Life in the world's oceans faces far greater change and risk of large-scale extinctions than at any previous time in human history, a team of the world's leading marine scientists has warned.
Many marine species will be harmed or won't survive if the levels of carbon dioxide continue to increase.
Invasive species -- plants, animals, and microbes introduced to regions beyond their native range -- carry a global price tag of $1.4 trillion dollars. They are responsible for the loss of natural resources and biodiversity, damages to infrastructure, and an uptick in infectious diseases.
For much of the year drought has been plaguing American grasslands. But a recent study found that grasses do not appear to be losing the turf war against climate when it comes to surviving with little precipitation.
Pine trees are one of the biggest contributors to air pollution. They give off gases that react with airborne chemicals -- many of which are produced by human activity -- creating tiny, invisible particles that muddy the air.
Forests hammered by windstorms, avalanches and wildfires may appear blighted, but a Washington State University researcher says such disturbances can be key to maximizing an area's biological diversity.
One of the most invasive species on the planet is able to source food from the land as well as its usual food sources in the water, research from Queen Mary, University of London has found.
A new study of North American songbirds reveals that birds that live with fluctuating weather are more flexible singers.
A team of international scientists, including a researcher from The University of Western Australia, has found that soil erosion, land degradation and climate change pose a mounting threat to coastal reefs and their ecosystems in the western Indian Ocean.
Earth's oceans, forests and other ecosystems continue to soak up about half the carbon dioxide emitted into the atmosphere by human activities, even as those emissions have increased, according to a study by University of Colorado and NOAA scientists published August 1 in the journal Nature.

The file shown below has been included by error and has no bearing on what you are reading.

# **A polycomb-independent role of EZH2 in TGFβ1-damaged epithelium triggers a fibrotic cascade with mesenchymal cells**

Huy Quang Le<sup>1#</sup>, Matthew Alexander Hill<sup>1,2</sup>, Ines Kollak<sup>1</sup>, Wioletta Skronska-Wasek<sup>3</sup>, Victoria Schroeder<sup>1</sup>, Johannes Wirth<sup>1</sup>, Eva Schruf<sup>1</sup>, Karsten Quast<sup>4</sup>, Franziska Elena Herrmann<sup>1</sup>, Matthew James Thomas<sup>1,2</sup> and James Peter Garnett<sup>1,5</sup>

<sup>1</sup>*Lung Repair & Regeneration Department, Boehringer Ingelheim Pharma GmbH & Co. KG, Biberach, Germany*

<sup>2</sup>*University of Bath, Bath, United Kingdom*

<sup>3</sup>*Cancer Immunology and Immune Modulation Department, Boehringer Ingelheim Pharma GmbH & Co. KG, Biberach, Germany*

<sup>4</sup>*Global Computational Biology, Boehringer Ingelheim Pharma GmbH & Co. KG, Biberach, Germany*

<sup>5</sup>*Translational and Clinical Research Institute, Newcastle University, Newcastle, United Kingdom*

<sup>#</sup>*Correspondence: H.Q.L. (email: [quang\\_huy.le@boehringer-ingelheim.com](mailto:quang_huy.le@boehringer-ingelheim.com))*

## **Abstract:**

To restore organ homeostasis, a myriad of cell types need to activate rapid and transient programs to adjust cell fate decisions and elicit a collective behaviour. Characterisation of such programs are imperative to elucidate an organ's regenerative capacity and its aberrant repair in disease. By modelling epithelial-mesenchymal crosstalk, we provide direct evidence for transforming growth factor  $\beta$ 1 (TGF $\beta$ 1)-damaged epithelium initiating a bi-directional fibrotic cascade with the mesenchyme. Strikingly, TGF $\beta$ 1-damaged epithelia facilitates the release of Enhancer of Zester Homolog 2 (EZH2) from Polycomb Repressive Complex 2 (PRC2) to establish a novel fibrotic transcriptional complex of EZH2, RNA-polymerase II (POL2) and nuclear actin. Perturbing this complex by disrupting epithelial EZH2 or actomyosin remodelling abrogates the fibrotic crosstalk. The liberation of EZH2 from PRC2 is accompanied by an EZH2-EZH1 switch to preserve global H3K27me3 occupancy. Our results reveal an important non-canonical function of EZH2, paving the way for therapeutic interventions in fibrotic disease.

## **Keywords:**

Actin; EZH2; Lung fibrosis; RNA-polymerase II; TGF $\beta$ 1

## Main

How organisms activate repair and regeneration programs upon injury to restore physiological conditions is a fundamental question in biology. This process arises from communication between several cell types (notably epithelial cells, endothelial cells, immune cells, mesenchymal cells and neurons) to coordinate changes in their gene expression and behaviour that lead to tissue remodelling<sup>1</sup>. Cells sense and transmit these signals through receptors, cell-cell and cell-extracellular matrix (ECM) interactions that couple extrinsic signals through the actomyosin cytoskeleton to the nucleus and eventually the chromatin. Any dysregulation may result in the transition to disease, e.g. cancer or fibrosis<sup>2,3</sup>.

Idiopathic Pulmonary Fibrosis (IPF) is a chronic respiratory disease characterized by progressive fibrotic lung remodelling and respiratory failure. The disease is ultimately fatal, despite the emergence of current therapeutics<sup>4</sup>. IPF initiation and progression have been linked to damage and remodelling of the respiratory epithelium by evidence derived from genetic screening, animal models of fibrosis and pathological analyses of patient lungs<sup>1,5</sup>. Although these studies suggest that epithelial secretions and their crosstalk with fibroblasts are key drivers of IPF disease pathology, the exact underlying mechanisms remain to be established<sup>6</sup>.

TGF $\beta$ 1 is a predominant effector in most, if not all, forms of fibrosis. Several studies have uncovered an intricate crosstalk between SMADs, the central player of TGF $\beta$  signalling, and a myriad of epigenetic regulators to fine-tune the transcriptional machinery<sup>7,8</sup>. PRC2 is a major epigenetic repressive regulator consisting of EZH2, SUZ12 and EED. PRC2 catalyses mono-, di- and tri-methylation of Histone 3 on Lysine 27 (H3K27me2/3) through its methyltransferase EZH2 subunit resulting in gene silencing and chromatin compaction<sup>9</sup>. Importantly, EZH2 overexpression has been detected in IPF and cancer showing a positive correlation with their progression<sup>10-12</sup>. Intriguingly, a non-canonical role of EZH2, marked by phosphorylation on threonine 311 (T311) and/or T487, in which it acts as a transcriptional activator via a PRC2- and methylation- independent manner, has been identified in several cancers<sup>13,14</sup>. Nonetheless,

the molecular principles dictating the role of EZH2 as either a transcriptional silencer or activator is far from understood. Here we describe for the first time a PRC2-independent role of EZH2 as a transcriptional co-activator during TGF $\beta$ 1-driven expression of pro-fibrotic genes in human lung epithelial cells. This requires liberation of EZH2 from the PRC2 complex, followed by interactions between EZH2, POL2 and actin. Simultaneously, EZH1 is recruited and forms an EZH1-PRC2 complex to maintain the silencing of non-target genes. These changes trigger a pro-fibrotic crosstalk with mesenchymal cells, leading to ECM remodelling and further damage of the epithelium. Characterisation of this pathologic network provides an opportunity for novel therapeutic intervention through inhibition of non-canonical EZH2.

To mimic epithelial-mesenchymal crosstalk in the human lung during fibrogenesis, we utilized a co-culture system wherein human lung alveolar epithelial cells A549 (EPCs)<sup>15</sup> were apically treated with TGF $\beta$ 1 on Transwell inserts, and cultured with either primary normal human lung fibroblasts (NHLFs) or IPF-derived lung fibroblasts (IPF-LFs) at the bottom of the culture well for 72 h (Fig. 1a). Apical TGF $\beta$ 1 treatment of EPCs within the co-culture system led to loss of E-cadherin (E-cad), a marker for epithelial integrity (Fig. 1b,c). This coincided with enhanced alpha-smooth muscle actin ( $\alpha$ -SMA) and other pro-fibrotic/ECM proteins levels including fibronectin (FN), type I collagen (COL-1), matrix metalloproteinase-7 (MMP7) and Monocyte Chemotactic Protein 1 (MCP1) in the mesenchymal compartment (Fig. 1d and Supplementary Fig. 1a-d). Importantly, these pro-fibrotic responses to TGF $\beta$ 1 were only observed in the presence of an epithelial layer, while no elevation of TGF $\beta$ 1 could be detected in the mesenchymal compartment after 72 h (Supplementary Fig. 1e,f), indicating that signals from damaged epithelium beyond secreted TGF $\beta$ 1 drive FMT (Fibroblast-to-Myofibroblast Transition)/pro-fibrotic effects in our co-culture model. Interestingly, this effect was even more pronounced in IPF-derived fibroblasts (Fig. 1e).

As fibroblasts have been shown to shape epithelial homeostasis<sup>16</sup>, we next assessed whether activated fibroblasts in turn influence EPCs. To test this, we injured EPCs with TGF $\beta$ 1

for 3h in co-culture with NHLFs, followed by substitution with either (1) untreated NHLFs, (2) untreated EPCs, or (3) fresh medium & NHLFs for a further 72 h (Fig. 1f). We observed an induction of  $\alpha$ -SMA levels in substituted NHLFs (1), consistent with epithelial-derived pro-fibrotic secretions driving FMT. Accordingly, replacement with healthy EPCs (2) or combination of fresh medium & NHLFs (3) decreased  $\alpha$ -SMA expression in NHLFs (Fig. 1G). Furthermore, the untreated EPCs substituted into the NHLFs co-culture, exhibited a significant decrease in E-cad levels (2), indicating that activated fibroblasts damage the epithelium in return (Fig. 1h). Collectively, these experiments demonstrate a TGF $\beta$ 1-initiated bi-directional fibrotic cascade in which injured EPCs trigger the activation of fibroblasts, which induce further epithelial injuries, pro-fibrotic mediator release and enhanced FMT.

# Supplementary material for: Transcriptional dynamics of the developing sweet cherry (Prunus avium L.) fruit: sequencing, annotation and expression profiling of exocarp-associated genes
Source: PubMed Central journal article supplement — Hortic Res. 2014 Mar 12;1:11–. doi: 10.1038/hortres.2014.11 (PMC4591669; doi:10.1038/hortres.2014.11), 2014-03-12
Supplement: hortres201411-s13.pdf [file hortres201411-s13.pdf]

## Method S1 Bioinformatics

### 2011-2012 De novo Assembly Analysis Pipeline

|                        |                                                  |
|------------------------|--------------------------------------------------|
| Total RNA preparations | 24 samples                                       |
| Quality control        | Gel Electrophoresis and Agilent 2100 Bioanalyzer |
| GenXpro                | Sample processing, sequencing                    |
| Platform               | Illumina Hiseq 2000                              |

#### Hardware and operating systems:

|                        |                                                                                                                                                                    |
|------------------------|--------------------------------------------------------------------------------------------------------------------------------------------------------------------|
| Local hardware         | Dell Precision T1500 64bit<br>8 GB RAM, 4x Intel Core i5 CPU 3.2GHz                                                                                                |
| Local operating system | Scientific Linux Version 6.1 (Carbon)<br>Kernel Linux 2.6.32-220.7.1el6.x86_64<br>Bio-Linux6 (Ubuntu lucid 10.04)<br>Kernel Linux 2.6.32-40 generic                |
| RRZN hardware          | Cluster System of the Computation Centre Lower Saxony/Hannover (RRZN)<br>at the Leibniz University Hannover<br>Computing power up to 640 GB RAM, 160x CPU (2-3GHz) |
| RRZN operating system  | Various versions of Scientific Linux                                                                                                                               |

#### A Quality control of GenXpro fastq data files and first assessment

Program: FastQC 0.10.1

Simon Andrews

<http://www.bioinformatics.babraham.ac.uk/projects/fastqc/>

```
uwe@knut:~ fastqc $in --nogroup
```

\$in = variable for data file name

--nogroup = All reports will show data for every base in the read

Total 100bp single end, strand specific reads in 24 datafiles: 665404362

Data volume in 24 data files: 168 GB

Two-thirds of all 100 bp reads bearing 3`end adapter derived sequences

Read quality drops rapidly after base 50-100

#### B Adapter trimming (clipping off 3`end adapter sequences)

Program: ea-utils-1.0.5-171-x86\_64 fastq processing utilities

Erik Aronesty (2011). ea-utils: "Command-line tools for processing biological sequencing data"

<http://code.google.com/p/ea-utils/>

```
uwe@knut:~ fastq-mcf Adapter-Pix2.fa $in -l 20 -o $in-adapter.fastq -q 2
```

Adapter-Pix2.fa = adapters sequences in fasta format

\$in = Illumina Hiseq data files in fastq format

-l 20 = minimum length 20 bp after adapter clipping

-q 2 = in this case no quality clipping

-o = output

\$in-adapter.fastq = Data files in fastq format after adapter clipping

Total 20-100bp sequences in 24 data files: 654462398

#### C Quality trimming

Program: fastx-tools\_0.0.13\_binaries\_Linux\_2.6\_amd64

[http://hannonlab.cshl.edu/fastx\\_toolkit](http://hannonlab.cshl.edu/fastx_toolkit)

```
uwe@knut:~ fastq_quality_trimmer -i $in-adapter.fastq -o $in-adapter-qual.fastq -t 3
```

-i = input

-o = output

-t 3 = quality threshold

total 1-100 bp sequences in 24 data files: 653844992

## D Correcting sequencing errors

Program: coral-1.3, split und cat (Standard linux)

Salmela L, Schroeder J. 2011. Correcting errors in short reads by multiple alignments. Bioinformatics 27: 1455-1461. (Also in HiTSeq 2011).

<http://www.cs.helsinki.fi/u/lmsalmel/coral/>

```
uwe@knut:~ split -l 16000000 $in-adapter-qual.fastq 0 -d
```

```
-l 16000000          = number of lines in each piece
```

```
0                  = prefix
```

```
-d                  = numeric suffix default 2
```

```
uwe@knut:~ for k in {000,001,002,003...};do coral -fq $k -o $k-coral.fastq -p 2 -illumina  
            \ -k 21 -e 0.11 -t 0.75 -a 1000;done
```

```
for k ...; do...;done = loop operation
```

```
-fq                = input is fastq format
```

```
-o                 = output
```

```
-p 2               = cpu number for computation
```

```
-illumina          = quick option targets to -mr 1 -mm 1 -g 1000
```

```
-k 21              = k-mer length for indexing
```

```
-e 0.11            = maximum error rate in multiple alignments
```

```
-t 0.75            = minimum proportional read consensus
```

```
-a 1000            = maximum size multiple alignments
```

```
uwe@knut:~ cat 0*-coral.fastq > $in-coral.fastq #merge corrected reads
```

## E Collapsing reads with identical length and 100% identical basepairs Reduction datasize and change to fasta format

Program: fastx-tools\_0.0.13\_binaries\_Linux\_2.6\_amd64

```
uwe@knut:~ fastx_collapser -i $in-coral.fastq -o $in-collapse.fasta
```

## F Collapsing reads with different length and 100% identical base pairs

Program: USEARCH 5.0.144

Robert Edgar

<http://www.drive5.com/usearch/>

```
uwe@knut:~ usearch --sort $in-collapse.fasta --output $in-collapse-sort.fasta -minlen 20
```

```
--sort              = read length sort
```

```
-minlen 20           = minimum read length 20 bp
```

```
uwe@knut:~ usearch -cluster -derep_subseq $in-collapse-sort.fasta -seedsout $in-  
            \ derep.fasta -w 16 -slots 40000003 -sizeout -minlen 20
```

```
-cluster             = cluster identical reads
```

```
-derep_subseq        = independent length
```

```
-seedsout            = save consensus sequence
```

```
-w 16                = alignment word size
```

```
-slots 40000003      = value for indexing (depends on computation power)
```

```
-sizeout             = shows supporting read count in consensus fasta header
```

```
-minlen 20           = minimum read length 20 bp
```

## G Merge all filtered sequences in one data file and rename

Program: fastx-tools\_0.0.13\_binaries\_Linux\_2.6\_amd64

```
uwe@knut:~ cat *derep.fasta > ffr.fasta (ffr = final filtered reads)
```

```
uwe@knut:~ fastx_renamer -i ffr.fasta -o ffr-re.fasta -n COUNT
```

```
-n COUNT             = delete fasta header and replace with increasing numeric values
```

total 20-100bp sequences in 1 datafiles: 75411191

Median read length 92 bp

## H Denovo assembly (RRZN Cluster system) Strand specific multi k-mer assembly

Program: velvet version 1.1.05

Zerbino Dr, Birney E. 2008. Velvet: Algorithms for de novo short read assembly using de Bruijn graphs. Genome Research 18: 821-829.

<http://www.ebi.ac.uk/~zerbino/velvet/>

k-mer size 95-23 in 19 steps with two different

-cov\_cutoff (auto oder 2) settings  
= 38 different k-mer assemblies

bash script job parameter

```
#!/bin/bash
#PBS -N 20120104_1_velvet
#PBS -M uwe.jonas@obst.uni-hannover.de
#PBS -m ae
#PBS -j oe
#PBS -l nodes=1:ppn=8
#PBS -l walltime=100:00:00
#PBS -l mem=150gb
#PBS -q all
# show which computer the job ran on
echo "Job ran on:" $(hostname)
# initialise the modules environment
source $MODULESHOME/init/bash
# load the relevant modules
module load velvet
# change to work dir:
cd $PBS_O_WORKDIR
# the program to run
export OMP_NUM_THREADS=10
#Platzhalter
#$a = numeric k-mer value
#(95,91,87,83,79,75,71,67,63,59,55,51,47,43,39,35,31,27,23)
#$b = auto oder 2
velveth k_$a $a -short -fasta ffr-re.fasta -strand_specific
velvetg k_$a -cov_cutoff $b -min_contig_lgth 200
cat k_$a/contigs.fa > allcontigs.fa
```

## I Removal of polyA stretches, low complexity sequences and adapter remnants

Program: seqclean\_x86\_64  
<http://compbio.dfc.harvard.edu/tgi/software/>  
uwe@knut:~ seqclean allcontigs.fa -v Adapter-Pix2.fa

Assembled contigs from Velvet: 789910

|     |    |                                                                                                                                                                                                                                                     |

A study published in the journal Nature shows that tropical vegetation, including palms and relatives of today’s tropical Baobab trees, was growing on the coast of Antarctica 52 million years ago.
Widespread skin cancer has been identified for the first time in wild marine fish populations, new research has shown.
Scuba-diver scientists from the U.S. Geological Survey are returning to the mouth of Washington’s Elwha River this week to explore and catalogue the effect of released sediment on marine life following the nation’s largest dam removal effort.
Rapid rates of coral reef growth have been identified in sediment-laden marine environments, conditions previously believed to be detrimental to reef growth. A new study has established that Middle Reef -- part of Australia's iconic Great Barrier Reef -- has grown more rapidly than many other reefs in areas with lower levels of sediment stress.
David Hausman, an antiques dealer in Manhattan, pleaded guilty today in Manhattan federal court to obstruction of justice and creating false records, in relation to illegal rhinoceros horn trafficking.
In the years after Columbus' voyage, burning of New World forests and fields diminished significantly -- a phenomenon some have attributed to decimation of native populations by European diseases. But a new University of Utah-led study suggests global cooling resulted in fewer fires because both preceded Columbus in many regions worldwide.
The chronic drought that hit western North America from 2000 to 2004 left dying forests and depleted river basins in its wake and was the strongest in 800 years, scientists have concluded, but they say those conditions will become the "new normal" for most of the coming century.
North Carolina’s Waccamaw River watershed will benefit from a $1 million restitution order from a federal court, funding environmental projects to acquire and preserve wetlands in an area damaged by illegal releases of wastewater from a corporate hog farm.
Laboratory instrumentation manufacturer Fluid Imaging Technologies, Yarmouth, Maine (www.fluidimaging.com) has awarded its 2012 FlowCAM® Student Equipment and Travel Grant to Amanda Wenczel, a Ph. D. candidate in Ecology at Rutgers, The State University of New Jersey.
Climate change, habitat destruction, pollution and invasive species are all involved in the global crisis of amphibian declines and extinctions, researchers suggest in a new analysis, but increasingly these forces are causing actual mortality in the form of infectious disease.